Incessant southwesterly to westerly winds have dominated the weather scene during the week, leaving east-coast birders staring forlornly into empty bushes and praying for easterlies. Expectations for nearctic species have been high, but the weather systems have not really produced the 'goods' and the Isles of Scilly have been surprisingly bereft of quality rarities. Visible migration watchers have been presented with superb conditions over the week and 10,000 Meadow Pipits were noted passing one Peak District location in just one hour!
The megas to occur during the week all had their origin across the Atlantic, but the lack of quantity was compensated by the quality. The Grey Catbird gave birders the runaround over the weekend, and its presence, or otherwise, was a bone of contention for many, whilst the scruples of a few were tested given the elusive nature of the bird. Elsewhere, a Baltimore Oriole touchingly found its way to Baltimore in County Cork, whilst another was reported from County Cork yesterday. Rumours that birders are desperately trying to change the names of some Cornish villages to Tennessee and Cape May in order to meet with similar successes are completely unfounded! A first-winter male Rose-breasted Grosbeak frequented Millcombe Valley on the magic island of Lundy for several days, and a first-winter Bobolink was found at Prawle Point on the 9th (pictures of which can be seen on the link from the Bird news Extra page). Just two Red-eyed Vireos were seen, one at South Stack and another at Porthgwarra. In addition a Shorelark on Tresco is considered to belong to one of the North American forms. Reports of an adult Sora on Tresco today will no doubt lift the spirits of those tramping the islands of the archipelago.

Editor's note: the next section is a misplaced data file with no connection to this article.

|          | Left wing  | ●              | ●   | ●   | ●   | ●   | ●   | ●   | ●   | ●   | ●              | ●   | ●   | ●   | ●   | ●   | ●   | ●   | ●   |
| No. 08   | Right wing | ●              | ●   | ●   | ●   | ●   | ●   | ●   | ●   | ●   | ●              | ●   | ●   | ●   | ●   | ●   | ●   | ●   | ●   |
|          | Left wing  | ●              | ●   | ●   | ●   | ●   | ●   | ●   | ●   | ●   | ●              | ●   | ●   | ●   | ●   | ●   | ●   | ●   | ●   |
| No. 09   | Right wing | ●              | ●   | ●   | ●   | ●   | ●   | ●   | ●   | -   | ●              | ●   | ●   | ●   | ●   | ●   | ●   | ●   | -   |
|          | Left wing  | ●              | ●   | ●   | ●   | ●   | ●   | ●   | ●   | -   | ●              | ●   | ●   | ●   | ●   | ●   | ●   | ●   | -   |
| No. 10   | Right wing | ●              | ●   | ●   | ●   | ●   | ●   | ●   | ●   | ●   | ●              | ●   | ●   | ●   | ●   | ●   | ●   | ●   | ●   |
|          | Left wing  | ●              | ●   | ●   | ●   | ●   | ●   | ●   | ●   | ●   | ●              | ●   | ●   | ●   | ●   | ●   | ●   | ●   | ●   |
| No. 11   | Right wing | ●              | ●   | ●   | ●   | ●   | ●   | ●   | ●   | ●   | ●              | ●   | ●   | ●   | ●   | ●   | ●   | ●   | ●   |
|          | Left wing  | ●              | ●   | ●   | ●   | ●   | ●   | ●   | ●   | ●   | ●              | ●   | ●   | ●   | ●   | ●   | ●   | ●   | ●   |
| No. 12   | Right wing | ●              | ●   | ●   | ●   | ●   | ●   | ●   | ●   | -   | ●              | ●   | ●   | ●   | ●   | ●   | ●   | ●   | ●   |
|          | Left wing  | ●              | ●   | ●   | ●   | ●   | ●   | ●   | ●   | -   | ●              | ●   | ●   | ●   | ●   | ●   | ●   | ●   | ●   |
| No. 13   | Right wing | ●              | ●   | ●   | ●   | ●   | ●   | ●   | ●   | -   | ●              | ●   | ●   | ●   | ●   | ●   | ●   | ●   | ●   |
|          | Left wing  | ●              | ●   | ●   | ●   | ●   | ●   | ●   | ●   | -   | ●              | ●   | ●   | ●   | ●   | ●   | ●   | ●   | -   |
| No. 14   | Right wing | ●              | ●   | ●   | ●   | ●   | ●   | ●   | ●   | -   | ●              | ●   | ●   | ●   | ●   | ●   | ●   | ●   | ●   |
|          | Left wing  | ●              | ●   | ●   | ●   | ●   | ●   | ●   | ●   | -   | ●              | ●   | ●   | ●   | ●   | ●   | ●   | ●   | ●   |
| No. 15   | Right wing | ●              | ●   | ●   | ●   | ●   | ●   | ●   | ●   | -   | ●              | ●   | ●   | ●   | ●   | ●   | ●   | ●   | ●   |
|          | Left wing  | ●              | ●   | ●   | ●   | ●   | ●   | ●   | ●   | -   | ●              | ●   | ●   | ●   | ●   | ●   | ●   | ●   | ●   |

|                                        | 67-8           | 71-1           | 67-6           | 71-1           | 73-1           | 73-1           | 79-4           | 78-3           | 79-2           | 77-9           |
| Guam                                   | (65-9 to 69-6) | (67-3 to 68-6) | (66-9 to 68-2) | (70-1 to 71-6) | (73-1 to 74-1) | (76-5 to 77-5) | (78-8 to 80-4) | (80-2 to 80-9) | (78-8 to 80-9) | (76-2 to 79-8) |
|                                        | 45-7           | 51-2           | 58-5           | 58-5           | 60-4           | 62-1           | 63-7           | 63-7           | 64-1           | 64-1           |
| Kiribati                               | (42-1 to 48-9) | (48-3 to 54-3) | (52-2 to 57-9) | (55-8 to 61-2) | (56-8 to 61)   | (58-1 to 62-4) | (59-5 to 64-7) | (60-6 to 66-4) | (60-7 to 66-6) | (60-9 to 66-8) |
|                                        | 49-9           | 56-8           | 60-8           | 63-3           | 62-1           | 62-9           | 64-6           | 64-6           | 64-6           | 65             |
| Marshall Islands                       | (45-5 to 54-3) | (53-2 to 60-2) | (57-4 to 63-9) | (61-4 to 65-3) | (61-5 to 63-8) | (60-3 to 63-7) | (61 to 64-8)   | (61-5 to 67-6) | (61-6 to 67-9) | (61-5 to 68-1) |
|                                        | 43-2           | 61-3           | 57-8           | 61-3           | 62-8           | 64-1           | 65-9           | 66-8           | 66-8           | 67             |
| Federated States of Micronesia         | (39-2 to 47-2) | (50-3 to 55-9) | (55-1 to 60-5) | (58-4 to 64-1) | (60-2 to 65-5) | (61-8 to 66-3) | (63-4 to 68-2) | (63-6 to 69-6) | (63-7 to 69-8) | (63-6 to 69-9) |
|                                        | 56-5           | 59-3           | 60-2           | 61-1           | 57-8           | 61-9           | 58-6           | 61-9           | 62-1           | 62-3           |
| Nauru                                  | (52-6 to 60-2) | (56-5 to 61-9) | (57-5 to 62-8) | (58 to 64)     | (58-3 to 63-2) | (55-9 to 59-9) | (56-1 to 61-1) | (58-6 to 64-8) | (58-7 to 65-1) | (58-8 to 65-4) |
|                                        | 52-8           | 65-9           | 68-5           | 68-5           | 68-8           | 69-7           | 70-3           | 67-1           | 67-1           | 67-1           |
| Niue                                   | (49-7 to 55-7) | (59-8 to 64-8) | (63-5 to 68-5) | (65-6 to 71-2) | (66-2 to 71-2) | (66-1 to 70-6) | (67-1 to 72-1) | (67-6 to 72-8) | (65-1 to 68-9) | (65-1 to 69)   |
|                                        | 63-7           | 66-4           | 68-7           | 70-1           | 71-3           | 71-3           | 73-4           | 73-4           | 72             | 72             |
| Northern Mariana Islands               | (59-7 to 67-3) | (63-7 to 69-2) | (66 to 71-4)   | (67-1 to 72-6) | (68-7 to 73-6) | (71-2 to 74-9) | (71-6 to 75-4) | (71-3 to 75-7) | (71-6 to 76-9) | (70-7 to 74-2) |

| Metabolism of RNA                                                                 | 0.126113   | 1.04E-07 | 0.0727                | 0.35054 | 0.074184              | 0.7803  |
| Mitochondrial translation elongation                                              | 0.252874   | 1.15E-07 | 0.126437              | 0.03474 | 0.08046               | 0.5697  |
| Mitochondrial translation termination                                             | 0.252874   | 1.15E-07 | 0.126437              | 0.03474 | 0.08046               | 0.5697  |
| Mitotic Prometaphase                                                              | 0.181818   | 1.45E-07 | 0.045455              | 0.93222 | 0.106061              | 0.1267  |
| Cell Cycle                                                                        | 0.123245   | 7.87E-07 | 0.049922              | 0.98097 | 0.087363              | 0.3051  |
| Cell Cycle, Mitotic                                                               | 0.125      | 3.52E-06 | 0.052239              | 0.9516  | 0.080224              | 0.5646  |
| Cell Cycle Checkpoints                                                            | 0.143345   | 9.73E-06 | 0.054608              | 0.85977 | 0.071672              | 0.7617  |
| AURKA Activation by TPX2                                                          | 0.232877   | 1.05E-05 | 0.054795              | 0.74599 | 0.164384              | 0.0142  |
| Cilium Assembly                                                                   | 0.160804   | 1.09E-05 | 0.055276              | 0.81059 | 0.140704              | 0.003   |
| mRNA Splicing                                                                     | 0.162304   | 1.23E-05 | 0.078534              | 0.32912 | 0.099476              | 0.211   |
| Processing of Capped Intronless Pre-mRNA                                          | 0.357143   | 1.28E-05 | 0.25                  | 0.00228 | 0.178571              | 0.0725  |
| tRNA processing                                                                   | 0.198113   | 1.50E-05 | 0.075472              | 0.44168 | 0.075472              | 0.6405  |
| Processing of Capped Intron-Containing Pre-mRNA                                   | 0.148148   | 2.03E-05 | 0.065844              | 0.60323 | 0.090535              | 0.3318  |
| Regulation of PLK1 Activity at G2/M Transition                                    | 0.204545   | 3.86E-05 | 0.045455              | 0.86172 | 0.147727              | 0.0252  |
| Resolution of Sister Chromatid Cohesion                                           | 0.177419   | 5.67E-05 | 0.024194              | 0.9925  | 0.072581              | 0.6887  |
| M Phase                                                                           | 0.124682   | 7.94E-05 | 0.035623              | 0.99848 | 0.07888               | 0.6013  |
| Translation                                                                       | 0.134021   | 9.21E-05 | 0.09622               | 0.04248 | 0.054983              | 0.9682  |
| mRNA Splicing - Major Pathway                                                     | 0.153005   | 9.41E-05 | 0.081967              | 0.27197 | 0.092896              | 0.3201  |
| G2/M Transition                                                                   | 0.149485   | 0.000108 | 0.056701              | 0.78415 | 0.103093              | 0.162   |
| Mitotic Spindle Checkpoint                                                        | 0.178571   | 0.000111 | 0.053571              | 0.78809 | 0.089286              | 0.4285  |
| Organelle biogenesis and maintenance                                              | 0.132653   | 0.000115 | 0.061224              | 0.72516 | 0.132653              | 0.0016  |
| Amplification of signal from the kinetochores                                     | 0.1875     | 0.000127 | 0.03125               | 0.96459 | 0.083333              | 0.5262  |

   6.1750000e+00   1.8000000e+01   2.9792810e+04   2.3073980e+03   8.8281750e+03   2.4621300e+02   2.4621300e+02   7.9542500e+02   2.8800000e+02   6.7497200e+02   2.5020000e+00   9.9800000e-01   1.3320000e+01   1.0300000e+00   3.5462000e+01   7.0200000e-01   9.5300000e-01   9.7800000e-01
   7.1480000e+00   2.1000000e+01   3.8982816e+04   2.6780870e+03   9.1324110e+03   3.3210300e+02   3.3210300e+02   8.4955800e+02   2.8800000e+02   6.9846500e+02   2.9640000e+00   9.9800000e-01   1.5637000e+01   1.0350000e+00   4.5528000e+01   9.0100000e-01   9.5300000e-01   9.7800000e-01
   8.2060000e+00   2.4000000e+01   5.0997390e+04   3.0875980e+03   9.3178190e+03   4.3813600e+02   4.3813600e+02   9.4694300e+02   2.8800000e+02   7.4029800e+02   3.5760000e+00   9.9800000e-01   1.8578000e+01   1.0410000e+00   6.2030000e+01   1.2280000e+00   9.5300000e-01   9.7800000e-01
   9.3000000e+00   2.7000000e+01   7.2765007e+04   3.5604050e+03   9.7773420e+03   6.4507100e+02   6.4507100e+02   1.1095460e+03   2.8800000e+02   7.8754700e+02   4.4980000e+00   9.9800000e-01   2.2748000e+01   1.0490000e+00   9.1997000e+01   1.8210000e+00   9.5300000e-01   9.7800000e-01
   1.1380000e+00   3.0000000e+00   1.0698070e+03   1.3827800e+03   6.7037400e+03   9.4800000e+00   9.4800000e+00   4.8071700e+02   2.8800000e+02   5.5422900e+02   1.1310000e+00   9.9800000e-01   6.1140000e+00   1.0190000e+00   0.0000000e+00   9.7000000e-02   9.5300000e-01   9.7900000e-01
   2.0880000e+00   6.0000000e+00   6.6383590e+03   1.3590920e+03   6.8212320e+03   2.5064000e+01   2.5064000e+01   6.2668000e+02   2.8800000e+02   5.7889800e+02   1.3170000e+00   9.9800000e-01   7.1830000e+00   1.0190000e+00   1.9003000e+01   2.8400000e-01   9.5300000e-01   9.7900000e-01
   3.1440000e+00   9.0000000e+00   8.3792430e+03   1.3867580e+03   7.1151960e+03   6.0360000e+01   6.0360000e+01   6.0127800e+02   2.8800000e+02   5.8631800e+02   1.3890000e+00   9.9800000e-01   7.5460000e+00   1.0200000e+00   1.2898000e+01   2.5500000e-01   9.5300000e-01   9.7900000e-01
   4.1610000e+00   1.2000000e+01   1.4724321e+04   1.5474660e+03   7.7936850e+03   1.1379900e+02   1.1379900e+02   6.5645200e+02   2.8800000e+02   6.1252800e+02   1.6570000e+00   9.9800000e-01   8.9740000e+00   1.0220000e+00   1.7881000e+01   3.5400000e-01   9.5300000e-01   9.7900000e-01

Despite the prevailing conditions a few reverse migrants have still managed to reach the coastline, most notably a Radde's Warbler in Kent and a Dusky Warbler in East Yorskhire, with the first Pallas's Warbler of the autumn noted on Shetland. A first-winter Lesser Grey Shrike at Girdle Ness yesterday appears to have been an all-too-brief visitor. A Yellow-breasted Bunting on St. Agnes did linger for those with patience and was yet another record of this species away from the Northern Isles. A couple of Alpine Swifts were reported during the week and another Pallid Swift was found, this time at Porthgain Harbour, Pembroke. As I stated last week any swift at this time of the year merits a close inspection!
For the second week running excellent numbers of Grey Phalaropes were watched off many southwest watchpoints, whilst inland birders had several to look at in the Midlands and Northwest. Little else was caught up in the severe winds early in the week, with the exception of a scattering of Sabine's Gulls and several reports of Little Shearwaters. Waders have been well distributed and quite thin on the ground, the pick perhaps a Lesser Yellowlegs in Norfolk and Essex, though two American Golden Plovers in Cambridgeshire were an excellent local find. For larid enthusiasts, two Laughing Gulls have been noted, with birds on Barra and a bird in Warwickshire today.
The prospects for the weekend look like more of the same, though moderating winds will undoubtedly lead to more birds being found in exposed locations, whilst a large area of high pressure stretching from northwest Europe eastwards will hopefully aid the passage of some reverse migrants. In these trying times it is always good to have a laugh, so whilst the Scarlet Tanager hoax will have been considered ill-conceived by many, the arrest by local police of a stork called Saturn fitted with a satellite tracking device in Burundi will no doubt have brought a smile to many of us during the week!!